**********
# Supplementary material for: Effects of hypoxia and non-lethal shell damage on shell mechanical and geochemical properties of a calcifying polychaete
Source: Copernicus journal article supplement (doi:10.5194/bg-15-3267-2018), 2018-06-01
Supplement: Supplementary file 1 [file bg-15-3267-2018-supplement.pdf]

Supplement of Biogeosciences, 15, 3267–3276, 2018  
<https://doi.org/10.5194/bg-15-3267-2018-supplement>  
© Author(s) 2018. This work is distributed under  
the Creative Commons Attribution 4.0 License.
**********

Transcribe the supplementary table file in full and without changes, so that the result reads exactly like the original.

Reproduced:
# Supplementary material for: Effects of hypoxia and non-lethal shell damage on shell mechanical and geochemical properties of a calcifying polychaete
Source: Copernicus journal article supplement (doi:10.5194/bg-15-3267-2018), 2018-06-01
Supplement: Supplementary file 1 [file bg-15-3267-2018-supplement.pdf]

Supplement of Biogeosciences, 15, 3267–3276, 2018  
<https://doi.org/10.5194/bg-15-3267-2018-supplement>  
© Author(s) 2018. This work is distributed under  
the Creative Commons Attribution 4.0 License.